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Graceling - Kristin Cashore As far as family-friendly girl fantasy goes, this is ok. I'd recommend it to younglings new to the fantasy genre, readers of light action/adventure/fantasy, and fans of Tamora Pierce. In fact, this is the audiobook that you take with you on a family roadtrip wherein you are stuck in the car for five days with an 8-year-old, an 11-year-old and a 16-year-old. There's violence but it's mostly "We're learning to be fighters" or "bad people made me do this." There's sex, yes, and it's pre-marital which is sort of a focal point, but it's also not obvious if you're not aware of what boys and girls do after kissing. It's like old romance novels where they kiss, there is clothing coming off, there's some smiling into each other's eyes and then the next day dawns sunny and bright with everyone happy. It's that kind of sex which is to say it's safe for the 8 year-old and romantic for the 16-year-old (unless the 16-year-old is like I was at that age, in which case she'll be vomiting in the backseat and not just from car-sickness. I've always hated romance and the romance in this one is nauseating)

If you've been steeping in fantasy for 30+ years, this might come across as pandering, irritating, high-handed, and maybe even boring. Yes, there's an epic quest. Yes, there is fighting and plenty of it. Yes, there is a strong female character who is all "No man will own me!" All good elements. There's also a ton of dull dialogue, a lot of pointless thinking during travel (I'm not saying girls shouldn't think, I'm saying readers shouldn't be subjected to the same three lines of thought over and over for pages and pages. 10 minutes of Why I Don't Want To Ever Get Married No Matter What every CD for 3 CDs is a bit much. I got it the first time. Stop. Think about something else and NOT how you can't believe this guy likes you but what does it mean to be a lover instead of a wife and how is that going to work OR how you don't belong to any man because you're your own person. I am up on that, too, so let's just move on) and their actual quest is rather boring. Come to think of it, Katsa's boring. She's like a focused, badass Kristen Stewart. All front, no personality.

I have to go back to the "I will NEVER marry" stuff. I'm all for this idea but I didn't understand why this message was so important. I didn't feel that this world forced marriage upon women but maybe it does? I think Raffin is probably gay but there is no gay marriage, from what I can tell. So marriage is a thing for men and women but I couldn't tell if it was expected or mandated, ergo, I couldn't tell if Katsa's refusal to marry was a huge, shocking thing or just something that people were like, "Oh. Well. We thought you would get married eventually because it's not like you have land or a job other than being a hired killer, sooo...guess we were wrong." The only people who are upset by her constant assertation are the people who worry for her future (because once you're not a hired killer, where do you go and how do you live?) and the one guy who thought he was going to marry her. So how much of a statement for female liberation is really in place? Who knows.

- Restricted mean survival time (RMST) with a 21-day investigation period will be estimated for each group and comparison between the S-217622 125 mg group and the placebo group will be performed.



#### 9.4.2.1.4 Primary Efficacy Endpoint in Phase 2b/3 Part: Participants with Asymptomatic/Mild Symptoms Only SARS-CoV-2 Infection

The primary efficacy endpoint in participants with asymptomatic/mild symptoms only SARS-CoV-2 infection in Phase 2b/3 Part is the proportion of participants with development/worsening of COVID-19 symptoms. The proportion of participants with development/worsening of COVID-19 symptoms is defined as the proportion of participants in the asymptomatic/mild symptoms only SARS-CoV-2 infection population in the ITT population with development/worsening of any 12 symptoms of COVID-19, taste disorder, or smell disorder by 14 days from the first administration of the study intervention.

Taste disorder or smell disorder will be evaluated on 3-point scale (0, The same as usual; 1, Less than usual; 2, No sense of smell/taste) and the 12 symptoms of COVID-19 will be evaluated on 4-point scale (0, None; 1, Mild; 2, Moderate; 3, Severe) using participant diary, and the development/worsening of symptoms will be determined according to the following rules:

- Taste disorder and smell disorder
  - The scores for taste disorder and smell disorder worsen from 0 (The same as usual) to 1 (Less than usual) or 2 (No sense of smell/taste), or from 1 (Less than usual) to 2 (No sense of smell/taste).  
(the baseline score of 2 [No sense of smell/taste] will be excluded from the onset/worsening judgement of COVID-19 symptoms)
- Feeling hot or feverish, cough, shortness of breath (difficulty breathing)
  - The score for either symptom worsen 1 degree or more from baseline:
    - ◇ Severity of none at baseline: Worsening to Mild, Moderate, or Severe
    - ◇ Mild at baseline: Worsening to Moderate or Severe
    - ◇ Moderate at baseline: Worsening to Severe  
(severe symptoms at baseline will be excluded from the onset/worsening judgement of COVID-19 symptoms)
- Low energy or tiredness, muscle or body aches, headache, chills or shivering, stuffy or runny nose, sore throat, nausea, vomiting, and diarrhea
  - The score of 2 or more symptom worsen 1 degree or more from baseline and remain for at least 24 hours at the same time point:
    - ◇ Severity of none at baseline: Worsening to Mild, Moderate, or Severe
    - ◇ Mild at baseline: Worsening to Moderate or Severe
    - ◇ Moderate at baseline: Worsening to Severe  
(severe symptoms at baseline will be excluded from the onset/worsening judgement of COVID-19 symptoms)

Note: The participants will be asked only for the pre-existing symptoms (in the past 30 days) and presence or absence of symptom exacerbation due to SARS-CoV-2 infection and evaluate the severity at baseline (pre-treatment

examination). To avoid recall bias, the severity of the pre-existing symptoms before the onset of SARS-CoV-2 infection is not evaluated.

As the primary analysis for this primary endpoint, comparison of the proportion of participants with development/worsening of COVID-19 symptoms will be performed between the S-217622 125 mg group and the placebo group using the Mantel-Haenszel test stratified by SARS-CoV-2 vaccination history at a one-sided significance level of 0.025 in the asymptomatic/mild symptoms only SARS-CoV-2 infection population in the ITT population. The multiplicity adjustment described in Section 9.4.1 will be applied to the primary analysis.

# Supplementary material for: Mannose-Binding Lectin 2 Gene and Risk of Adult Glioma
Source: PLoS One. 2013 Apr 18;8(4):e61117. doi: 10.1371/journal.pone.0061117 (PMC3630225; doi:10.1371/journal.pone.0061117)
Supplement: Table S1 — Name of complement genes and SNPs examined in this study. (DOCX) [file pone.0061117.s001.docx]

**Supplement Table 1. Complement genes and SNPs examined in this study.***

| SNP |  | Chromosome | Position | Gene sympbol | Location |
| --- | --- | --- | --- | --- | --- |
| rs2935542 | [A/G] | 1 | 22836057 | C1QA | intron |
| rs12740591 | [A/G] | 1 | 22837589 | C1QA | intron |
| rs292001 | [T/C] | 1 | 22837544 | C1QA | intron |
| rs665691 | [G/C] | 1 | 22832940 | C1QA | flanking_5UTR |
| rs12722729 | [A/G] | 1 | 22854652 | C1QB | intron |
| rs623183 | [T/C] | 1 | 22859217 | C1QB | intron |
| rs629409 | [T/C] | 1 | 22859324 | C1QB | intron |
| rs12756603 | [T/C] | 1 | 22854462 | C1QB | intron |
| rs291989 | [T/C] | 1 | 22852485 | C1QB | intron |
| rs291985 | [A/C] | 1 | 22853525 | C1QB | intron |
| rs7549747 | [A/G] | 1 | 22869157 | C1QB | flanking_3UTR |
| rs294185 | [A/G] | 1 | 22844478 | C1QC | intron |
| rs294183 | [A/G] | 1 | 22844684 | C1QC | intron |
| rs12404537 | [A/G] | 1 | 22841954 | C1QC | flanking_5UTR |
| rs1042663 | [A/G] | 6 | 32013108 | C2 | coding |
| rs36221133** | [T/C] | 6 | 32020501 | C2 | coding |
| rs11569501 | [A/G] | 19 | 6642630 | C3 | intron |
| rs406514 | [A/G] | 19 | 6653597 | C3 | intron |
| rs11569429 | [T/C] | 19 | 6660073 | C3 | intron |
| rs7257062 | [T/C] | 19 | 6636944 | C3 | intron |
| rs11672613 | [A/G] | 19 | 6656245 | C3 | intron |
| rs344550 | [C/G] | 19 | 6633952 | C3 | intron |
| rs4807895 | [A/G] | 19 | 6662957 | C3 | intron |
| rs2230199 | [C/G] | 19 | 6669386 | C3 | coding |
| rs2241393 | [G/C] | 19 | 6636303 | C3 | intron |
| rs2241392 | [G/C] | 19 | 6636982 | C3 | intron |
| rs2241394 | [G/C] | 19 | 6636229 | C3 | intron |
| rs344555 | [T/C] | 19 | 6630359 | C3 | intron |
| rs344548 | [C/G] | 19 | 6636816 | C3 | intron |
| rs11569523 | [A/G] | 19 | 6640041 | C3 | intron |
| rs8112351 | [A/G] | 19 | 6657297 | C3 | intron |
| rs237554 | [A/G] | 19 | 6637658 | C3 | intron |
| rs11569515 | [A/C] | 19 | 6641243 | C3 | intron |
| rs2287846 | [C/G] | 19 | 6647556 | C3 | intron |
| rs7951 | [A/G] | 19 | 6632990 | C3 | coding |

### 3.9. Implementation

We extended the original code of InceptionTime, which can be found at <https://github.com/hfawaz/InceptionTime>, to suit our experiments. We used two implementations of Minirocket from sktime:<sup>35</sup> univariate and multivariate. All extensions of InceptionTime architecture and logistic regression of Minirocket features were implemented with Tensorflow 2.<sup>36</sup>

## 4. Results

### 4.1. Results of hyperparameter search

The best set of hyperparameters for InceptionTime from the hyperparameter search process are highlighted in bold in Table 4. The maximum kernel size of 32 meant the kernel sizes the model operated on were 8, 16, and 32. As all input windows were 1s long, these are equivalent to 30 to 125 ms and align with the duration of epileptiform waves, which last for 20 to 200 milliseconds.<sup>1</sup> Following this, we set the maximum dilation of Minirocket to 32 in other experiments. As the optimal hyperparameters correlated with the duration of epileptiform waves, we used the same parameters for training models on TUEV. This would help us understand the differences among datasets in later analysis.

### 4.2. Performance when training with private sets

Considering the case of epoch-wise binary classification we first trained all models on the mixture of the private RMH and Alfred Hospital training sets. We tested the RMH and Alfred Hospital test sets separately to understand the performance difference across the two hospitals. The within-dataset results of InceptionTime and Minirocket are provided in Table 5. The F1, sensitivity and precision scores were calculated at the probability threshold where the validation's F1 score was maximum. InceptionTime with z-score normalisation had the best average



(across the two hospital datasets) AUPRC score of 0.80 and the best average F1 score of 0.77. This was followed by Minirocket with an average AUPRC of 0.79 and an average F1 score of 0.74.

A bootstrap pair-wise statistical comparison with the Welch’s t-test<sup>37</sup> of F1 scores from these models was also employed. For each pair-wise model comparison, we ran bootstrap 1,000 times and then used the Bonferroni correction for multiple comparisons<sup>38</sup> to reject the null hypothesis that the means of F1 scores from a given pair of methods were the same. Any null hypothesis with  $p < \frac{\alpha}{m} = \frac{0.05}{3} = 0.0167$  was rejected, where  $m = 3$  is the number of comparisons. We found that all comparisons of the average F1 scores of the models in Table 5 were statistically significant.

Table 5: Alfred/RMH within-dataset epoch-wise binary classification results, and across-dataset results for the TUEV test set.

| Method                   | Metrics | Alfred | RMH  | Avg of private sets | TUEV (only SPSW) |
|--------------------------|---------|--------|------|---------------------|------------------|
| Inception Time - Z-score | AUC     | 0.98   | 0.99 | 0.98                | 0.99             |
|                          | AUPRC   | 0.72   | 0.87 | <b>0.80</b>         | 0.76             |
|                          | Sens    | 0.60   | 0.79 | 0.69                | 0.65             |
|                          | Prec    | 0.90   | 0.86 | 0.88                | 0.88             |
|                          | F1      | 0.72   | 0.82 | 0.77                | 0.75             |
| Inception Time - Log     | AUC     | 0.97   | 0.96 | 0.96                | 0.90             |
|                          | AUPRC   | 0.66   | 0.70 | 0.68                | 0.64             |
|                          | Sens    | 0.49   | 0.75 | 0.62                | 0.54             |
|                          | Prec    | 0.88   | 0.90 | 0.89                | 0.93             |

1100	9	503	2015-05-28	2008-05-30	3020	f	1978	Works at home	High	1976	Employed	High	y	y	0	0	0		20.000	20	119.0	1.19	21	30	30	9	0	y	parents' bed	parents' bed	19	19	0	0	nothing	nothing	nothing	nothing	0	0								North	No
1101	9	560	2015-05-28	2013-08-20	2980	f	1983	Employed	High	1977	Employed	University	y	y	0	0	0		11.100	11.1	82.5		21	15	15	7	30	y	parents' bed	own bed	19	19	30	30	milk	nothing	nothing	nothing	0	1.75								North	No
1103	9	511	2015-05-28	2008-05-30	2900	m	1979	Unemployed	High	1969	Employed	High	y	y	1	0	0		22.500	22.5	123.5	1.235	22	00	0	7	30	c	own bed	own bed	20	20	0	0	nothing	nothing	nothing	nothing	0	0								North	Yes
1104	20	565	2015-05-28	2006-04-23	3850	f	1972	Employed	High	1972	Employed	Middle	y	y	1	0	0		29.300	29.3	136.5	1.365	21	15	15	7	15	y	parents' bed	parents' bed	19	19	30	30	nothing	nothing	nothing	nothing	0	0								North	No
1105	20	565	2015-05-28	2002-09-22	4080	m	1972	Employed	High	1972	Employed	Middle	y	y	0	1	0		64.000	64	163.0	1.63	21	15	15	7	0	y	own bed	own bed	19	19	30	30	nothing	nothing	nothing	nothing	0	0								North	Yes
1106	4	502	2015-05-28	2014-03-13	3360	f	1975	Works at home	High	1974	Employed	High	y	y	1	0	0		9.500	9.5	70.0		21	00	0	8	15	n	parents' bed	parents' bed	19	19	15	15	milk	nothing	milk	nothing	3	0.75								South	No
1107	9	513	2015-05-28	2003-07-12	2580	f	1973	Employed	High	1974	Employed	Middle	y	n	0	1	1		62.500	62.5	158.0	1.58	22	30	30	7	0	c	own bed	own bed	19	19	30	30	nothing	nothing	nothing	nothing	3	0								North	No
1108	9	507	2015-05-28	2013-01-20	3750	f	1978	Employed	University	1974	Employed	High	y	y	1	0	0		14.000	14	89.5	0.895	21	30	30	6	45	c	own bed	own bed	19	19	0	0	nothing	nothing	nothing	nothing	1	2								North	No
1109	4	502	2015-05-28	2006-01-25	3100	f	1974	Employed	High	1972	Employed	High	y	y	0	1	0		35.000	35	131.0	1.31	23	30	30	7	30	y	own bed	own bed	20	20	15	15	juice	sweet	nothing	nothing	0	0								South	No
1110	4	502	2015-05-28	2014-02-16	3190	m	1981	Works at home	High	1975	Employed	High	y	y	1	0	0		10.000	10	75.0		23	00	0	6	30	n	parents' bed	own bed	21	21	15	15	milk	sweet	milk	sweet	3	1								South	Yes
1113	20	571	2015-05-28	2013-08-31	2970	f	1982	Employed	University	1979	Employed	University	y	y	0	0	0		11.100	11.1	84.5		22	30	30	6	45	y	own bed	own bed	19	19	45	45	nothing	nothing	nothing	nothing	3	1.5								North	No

I completely support women not getting married. I don't think anyone should have to spend their lives, incomes, property, time, bed, body, what have you with another person if they don't want to. Hell, I said I was never going to get married (and then I did. Twice. Because I'm a sucker) and if I succeed in killing Gabe and burying him in the garden, I really will not marry again. There's nothing wrong with being unmarried and, frankly, marriage can be a giant pain in the ass, much more so than being unmarried. Thus, I'm not all, "Oh, no no no! This anti-marriage agenda is not going to fly in MY cd player!" No, it was her constant assertion that she would never marry and my lack of understanding as to why that was soooo important that made me want to yell:
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Then there was the whole running around the countryside with the rescued princess (what? A rescued princess? Oh, she's 10, so it's ok) that sort of just kept going...and going...and going...omg, it's STILL going. That got tedious. And then BIGGER SPOILER: po' Po got all blinded and decided to live in a cabin in the mountains as a result. Why? Why is he going to live in a cabin in the mountains because he's lost his sight? In fact, I really don't understand why his secret grace is such a big deal, especially not after seeing how his family works. I know what HE said and what his mother thought but, no, I didn't believe it for a bit. It seems that he could easily have said, "Oh, I hit my head, went blind, and now my other senses are filling in. It's probably part of my supposed fighting grace remanifesting itself" and everyone would have been all, "Oh. Ok. That makes sense. Sorry to hear about your blindness" and that would be that. All the HIDE ALL THE GRACES! didn't make any sense to me and that made the story fall apart.

Adding to all that is the Full Cast Audio performance. Man, I hate those things. I didn't realize that's what this was until I popped it into the CD player. Unless they're radio productions (think Star Wars), these audiobooks often come across as disjointed and jarring because there's the narrator and then all the different voice actors for the different characters and they read at different paces and there are weird pauses between dialogues and...ugh. Some people really like all that and it helps them get into the story. I don't like it and it keeps me out of the story.

Again, I would enthusiastically recommend this to beginning or light fantasy readers and to fans of Tamora Pierce. I would not recommend it to cynical curmudgeons like myself.